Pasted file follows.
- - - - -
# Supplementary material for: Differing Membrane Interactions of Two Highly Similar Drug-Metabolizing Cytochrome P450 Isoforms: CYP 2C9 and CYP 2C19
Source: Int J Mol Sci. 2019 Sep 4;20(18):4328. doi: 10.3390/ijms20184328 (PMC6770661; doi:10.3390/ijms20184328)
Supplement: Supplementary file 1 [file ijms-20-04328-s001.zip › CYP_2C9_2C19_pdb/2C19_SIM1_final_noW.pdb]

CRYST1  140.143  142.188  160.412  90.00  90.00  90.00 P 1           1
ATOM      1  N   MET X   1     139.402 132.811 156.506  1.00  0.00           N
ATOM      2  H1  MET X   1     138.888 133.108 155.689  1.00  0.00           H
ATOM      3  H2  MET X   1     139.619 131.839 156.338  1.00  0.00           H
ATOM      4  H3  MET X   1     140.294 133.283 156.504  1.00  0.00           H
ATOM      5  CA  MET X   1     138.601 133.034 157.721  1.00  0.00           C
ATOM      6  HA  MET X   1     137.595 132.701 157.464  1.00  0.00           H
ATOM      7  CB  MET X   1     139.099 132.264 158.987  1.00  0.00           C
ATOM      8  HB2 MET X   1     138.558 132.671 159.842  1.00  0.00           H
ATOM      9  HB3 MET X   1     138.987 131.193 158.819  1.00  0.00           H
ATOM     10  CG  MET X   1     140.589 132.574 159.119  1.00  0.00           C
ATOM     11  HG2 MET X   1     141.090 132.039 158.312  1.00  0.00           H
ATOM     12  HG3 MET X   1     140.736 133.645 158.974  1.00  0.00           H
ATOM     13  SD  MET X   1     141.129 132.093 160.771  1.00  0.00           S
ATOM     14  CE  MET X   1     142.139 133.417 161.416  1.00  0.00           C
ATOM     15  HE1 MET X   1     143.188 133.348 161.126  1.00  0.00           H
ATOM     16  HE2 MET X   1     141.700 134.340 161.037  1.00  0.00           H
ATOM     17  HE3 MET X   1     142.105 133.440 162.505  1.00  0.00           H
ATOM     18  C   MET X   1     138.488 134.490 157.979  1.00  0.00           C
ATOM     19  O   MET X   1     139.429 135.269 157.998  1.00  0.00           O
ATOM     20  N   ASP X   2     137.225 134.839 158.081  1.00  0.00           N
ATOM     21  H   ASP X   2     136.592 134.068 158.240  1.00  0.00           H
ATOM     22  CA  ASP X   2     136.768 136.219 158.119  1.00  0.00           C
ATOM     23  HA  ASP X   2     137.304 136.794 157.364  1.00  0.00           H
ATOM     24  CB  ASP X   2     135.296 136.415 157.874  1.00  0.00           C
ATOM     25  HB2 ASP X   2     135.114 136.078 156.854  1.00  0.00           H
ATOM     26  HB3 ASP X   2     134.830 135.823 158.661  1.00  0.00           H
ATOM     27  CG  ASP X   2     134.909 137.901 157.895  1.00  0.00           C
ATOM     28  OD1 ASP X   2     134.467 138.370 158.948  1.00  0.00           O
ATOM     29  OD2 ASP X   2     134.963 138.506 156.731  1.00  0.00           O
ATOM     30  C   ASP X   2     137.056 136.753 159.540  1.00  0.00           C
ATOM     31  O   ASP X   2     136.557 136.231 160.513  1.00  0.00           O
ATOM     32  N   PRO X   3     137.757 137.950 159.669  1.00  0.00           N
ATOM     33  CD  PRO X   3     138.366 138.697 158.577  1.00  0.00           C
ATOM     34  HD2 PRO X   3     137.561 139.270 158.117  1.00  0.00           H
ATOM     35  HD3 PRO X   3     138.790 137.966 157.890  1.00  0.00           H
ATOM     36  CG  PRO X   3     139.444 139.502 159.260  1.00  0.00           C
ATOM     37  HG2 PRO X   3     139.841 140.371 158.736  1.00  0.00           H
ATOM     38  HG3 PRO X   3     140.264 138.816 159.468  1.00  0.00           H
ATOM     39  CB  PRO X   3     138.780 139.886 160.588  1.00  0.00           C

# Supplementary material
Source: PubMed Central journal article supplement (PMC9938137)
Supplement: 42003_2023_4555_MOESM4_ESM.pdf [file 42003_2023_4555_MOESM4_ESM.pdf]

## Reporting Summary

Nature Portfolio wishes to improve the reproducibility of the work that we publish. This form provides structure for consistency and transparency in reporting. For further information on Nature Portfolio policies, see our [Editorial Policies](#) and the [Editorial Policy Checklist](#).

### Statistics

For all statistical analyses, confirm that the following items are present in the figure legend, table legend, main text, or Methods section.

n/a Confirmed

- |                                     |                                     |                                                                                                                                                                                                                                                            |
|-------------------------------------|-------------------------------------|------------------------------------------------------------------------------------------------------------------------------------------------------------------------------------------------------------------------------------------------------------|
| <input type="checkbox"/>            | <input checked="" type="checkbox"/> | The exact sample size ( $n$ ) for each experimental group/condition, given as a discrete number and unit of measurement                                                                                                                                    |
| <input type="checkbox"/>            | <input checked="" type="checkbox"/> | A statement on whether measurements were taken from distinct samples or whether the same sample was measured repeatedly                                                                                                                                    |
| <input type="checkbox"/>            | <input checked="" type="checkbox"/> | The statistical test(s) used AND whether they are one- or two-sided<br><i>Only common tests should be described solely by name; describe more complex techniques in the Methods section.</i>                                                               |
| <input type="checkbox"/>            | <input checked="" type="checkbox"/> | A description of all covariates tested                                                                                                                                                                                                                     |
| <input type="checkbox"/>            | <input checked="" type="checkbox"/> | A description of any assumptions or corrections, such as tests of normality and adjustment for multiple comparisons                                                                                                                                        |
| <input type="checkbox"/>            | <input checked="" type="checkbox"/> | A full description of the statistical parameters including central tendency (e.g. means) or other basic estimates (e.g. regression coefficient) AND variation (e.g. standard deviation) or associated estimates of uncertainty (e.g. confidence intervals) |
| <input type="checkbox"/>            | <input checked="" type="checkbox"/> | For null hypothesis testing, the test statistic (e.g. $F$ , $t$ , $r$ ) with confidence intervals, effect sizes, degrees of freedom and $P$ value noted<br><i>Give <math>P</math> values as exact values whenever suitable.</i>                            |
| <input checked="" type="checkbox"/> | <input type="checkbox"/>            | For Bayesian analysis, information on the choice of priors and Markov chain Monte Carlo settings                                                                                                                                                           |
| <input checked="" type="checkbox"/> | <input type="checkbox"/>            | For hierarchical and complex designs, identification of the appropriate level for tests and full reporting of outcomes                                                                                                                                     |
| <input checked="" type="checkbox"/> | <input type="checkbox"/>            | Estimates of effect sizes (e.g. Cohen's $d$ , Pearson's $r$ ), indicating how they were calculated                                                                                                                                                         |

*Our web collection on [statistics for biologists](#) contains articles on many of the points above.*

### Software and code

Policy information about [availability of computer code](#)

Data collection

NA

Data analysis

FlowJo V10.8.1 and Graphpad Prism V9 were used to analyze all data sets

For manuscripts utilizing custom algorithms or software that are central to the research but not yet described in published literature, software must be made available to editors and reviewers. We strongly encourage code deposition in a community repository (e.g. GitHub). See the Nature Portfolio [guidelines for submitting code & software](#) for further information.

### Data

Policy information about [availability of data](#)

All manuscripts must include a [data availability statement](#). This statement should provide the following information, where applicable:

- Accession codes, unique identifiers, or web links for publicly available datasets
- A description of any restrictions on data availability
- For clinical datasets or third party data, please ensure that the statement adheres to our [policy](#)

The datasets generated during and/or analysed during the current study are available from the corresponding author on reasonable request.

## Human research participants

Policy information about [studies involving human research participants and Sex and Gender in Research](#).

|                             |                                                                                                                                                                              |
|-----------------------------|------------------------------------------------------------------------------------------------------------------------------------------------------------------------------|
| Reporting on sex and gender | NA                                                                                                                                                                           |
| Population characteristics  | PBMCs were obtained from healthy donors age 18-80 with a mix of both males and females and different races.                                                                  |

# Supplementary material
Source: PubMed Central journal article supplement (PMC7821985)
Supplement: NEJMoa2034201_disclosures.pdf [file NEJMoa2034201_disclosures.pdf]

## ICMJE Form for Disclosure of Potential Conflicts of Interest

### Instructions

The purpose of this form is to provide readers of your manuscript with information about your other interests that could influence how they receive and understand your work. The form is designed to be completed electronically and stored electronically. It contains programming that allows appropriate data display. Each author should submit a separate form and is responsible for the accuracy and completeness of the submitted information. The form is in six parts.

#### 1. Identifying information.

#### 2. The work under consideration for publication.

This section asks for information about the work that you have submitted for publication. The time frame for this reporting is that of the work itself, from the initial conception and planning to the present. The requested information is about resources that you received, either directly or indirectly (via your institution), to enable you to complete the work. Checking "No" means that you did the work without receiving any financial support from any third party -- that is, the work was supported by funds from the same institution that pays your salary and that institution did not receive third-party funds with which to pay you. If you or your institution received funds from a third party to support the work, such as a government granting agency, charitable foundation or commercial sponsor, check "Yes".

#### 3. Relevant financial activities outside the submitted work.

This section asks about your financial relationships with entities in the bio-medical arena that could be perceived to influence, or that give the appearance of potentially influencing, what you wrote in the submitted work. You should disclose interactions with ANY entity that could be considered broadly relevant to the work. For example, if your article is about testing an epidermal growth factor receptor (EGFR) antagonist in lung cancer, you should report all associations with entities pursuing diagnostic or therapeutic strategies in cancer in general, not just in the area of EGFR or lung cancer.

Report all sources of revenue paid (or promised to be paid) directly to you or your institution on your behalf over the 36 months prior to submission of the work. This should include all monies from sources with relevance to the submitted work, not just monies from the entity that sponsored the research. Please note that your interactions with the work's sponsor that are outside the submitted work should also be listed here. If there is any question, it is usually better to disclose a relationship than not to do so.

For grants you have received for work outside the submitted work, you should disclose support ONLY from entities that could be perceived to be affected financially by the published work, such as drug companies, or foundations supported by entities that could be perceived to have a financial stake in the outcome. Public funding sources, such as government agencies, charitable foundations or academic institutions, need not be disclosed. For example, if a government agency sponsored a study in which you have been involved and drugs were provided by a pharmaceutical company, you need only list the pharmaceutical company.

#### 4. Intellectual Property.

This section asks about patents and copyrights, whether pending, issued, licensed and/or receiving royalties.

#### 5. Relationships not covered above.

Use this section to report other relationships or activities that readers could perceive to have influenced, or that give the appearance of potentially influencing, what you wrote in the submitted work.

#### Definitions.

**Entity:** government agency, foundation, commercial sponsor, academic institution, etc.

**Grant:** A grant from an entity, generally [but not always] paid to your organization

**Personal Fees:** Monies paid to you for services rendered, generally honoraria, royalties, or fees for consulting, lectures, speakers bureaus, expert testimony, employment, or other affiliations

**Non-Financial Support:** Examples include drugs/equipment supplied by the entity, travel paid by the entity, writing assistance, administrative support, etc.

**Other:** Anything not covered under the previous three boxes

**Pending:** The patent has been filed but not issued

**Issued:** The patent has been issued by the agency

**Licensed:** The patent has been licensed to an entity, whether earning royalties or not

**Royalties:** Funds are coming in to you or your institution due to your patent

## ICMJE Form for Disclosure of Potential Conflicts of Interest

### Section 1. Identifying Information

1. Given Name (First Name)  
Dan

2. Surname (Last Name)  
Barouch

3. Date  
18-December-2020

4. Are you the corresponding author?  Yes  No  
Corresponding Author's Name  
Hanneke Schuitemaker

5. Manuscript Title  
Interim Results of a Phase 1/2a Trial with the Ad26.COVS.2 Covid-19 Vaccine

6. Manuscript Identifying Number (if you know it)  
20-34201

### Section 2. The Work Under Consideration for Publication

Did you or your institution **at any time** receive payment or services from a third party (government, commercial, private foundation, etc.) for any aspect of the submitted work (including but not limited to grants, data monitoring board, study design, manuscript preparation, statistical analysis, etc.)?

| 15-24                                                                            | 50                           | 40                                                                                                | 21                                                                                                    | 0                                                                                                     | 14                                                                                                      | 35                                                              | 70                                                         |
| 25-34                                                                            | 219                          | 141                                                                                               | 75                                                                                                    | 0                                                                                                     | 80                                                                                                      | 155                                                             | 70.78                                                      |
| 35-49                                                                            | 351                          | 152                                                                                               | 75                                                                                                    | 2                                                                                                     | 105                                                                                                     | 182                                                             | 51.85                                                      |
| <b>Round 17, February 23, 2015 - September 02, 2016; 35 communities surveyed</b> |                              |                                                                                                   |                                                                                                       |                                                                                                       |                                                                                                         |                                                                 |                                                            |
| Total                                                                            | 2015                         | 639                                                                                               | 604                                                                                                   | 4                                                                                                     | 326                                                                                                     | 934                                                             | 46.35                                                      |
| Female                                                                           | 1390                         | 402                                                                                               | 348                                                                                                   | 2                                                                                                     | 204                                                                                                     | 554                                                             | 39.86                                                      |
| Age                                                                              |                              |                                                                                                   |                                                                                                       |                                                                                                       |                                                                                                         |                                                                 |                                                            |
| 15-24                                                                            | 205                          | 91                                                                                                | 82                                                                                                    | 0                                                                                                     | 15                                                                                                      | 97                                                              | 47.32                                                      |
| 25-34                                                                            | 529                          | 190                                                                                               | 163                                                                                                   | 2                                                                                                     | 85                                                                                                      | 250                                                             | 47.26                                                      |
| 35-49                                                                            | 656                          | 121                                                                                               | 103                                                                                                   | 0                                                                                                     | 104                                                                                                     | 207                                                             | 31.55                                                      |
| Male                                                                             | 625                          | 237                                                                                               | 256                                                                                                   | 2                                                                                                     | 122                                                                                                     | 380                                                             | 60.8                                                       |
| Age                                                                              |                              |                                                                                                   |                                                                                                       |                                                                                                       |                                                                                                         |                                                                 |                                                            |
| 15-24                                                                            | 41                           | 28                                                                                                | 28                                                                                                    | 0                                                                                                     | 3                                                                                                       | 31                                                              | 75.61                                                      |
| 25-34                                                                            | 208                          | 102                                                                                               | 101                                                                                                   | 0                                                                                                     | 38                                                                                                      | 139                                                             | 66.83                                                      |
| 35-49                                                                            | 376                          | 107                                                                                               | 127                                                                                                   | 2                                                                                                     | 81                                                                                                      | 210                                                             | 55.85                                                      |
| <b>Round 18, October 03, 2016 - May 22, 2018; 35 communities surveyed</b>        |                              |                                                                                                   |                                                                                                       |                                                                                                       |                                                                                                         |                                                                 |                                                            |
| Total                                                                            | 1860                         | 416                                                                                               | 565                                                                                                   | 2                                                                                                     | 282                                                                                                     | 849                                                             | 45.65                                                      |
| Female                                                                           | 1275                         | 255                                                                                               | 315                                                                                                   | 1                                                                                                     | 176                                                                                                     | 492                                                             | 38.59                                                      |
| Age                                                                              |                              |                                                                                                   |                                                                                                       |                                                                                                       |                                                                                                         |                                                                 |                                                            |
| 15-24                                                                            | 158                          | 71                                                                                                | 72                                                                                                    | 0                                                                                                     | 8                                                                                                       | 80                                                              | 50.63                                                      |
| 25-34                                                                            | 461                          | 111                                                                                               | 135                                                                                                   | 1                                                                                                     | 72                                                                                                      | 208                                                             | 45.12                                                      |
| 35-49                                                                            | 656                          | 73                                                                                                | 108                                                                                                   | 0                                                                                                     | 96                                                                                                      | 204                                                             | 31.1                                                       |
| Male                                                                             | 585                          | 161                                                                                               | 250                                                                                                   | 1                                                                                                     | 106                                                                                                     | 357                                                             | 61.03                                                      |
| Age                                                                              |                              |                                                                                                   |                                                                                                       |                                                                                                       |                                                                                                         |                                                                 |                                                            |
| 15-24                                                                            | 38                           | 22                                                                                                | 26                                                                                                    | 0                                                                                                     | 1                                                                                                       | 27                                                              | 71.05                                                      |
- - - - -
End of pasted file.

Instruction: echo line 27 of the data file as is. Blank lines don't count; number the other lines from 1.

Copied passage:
ATOM     23  HA  ASP X   2     137.304 136.794 157.364  1.00  0.00           H